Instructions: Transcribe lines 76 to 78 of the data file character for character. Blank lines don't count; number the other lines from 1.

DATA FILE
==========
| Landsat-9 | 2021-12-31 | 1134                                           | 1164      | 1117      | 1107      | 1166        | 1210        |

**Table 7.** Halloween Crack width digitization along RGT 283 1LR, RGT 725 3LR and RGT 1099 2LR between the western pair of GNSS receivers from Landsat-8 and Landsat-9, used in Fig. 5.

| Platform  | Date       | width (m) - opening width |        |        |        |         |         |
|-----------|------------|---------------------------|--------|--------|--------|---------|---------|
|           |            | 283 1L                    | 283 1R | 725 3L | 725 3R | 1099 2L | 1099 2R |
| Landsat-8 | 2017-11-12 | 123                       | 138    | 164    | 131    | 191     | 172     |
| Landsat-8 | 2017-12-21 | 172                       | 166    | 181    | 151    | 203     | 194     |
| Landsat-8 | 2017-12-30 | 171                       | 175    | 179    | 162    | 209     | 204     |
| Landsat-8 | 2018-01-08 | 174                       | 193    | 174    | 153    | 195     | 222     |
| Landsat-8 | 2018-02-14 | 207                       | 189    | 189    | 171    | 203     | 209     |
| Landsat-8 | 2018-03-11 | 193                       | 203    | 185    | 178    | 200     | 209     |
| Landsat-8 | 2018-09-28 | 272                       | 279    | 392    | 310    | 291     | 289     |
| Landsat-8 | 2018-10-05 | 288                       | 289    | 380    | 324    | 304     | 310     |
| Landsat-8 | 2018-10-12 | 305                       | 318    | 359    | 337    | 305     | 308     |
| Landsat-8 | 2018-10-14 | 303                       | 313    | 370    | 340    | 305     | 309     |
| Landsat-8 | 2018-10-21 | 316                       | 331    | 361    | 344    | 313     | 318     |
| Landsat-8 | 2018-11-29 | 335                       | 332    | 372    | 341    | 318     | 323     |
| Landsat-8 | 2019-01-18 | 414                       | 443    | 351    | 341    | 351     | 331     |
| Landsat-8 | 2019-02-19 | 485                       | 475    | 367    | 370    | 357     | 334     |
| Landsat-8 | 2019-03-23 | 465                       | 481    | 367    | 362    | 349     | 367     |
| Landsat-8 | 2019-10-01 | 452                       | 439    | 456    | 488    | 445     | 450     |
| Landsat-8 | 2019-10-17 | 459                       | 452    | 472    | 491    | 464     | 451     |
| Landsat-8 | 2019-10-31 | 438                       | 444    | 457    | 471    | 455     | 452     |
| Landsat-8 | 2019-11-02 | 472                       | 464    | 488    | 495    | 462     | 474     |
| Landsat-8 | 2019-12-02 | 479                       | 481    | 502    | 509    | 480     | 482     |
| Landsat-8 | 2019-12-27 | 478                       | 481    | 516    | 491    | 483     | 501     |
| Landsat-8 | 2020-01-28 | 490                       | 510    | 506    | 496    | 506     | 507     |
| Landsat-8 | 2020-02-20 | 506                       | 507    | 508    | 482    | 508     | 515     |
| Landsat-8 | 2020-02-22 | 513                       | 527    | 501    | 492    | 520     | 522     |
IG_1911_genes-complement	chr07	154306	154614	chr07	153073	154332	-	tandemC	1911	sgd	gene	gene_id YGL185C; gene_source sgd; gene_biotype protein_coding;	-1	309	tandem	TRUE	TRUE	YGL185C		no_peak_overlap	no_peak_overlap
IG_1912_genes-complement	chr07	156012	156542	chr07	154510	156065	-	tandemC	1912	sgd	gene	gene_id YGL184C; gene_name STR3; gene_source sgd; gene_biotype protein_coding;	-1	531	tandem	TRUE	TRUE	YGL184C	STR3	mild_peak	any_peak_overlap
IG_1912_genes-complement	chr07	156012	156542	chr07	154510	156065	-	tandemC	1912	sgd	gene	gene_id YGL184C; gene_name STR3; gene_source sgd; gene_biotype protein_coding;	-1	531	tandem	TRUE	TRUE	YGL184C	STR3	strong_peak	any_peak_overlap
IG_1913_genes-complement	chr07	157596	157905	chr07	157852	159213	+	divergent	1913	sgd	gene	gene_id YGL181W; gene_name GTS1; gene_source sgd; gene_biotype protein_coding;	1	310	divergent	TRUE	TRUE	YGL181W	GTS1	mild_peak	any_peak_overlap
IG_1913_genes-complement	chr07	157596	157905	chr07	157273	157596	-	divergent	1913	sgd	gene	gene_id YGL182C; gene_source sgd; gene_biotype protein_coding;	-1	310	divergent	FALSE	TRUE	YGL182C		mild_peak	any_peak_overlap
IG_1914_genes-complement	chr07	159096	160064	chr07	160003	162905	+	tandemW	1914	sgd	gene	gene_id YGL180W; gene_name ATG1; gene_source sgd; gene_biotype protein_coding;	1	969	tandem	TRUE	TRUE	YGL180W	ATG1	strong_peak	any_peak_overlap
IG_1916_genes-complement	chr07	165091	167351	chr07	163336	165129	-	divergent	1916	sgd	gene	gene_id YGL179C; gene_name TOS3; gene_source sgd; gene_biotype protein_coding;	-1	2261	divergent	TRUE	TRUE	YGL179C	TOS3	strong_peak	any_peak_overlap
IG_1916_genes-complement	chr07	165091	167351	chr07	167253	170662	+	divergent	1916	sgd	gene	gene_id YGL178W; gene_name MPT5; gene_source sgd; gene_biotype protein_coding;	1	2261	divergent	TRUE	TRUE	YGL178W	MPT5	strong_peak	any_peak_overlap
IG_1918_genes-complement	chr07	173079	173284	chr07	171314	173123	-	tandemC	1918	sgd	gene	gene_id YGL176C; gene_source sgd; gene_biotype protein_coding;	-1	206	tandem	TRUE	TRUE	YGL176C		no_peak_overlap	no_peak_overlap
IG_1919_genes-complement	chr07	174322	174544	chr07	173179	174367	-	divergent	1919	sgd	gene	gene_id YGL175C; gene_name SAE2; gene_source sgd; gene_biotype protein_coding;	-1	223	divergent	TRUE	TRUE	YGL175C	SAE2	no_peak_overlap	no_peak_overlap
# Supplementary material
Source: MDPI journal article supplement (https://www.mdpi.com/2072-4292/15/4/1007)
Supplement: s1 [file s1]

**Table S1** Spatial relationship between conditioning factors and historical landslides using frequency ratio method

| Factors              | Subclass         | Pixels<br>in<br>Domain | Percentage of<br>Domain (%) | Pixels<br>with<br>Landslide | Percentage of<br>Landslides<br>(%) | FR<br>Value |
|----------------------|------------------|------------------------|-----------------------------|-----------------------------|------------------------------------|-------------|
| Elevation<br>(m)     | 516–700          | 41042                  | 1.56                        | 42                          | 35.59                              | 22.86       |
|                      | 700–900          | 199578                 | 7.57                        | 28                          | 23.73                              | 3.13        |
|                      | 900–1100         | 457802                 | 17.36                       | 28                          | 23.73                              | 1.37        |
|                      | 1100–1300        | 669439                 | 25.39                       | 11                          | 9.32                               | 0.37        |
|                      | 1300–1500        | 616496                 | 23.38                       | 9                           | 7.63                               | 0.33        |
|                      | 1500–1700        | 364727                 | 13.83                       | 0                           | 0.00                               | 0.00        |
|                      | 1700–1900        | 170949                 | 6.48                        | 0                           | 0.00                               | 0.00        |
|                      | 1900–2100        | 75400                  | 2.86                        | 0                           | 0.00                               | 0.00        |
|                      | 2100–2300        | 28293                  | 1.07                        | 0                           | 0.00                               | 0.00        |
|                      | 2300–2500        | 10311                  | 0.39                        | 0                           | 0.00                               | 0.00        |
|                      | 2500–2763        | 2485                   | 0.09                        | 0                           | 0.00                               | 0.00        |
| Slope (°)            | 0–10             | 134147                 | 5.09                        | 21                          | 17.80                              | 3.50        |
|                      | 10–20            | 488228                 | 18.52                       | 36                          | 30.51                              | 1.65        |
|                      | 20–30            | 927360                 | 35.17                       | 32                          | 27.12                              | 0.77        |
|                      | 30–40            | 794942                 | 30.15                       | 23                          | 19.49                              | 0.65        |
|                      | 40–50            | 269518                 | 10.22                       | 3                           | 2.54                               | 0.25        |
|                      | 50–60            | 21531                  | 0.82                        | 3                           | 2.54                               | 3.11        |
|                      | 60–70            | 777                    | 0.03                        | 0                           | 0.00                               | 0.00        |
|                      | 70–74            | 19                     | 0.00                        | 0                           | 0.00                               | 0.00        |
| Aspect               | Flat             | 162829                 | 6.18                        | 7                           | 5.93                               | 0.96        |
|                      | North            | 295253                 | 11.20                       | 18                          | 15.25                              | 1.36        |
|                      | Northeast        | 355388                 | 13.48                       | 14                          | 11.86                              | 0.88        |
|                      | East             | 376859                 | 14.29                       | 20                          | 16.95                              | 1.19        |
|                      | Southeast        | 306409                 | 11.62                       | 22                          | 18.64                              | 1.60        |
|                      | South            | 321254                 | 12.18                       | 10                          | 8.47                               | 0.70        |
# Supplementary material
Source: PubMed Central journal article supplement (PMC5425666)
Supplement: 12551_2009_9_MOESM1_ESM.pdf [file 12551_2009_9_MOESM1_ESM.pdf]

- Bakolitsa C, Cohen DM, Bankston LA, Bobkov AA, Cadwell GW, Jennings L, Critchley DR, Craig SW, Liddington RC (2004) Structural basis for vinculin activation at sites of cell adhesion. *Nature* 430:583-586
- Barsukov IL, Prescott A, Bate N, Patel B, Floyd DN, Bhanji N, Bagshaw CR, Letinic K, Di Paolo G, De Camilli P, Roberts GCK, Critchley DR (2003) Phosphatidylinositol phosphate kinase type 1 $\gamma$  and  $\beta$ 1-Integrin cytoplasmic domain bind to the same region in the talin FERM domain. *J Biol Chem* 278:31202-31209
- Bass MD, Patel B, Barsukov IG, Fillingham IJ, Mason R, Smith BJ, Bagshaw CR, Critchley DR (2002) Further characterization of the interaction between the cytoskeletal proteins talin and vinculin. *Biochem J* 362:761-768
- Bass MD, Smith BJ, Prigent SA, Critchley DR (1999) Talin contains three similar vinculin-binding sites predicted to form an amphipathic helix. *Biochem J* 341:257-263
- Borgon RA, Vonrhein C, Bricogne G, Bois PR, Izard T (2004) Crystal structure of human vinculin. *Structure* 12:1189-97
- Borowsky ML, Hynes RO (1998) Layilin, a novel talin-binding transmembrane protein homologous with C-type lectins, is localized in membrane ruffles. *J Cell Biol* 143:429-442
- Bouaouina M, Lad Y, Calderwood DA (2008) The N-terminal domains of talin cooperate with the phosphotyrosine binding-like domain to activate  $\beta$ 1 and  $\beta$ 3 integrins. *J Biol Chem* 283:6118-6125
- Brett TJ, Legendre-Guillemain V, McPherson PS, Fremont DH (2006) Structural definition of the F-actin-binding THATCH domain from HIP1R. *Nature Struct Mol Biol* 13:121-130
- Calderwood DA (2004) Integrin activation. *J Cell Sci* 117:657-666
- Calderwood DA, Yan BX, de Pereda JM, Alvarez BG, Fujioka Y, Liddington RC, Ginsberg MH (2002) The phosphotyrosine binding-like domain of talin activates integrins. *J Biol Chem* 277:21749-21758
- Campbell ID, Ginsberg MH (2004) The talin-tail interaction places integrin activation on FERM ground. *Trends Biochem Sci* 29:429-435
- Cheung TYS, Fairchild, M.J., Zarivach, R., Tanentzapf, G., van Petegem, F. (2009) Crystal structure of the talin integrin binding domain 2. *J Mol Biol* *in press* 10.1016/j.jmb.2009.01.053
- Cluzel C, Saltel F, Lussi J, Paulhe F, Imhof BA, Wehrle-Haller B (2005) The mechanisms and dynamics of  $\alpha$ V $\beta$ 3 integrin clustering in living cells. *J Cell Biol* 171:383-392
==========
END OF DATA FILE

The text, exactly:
- Bass MD, Patel B, Barsukov IG, Fillingham IJ, Mason R, Smith BJ, Bagshaw CR, Critchley DR (2002) Further characterization of the interaction between the cytoskeletal proteins talin and vinculin. *Biochem J* 362:761-768
- Bass MD, Smith BJ, Prigent SA, Critchley DR (1999) Talin contains three similar vinculin-binding sites predicted to form an amphipathic helix. *Biochem J* 341:257-263
- Borgon RA, Vonrhein C, Bricogne G, Bois PR, Izard T (2004) Crystal structure of human vinculin. *Structure* 12:1189-97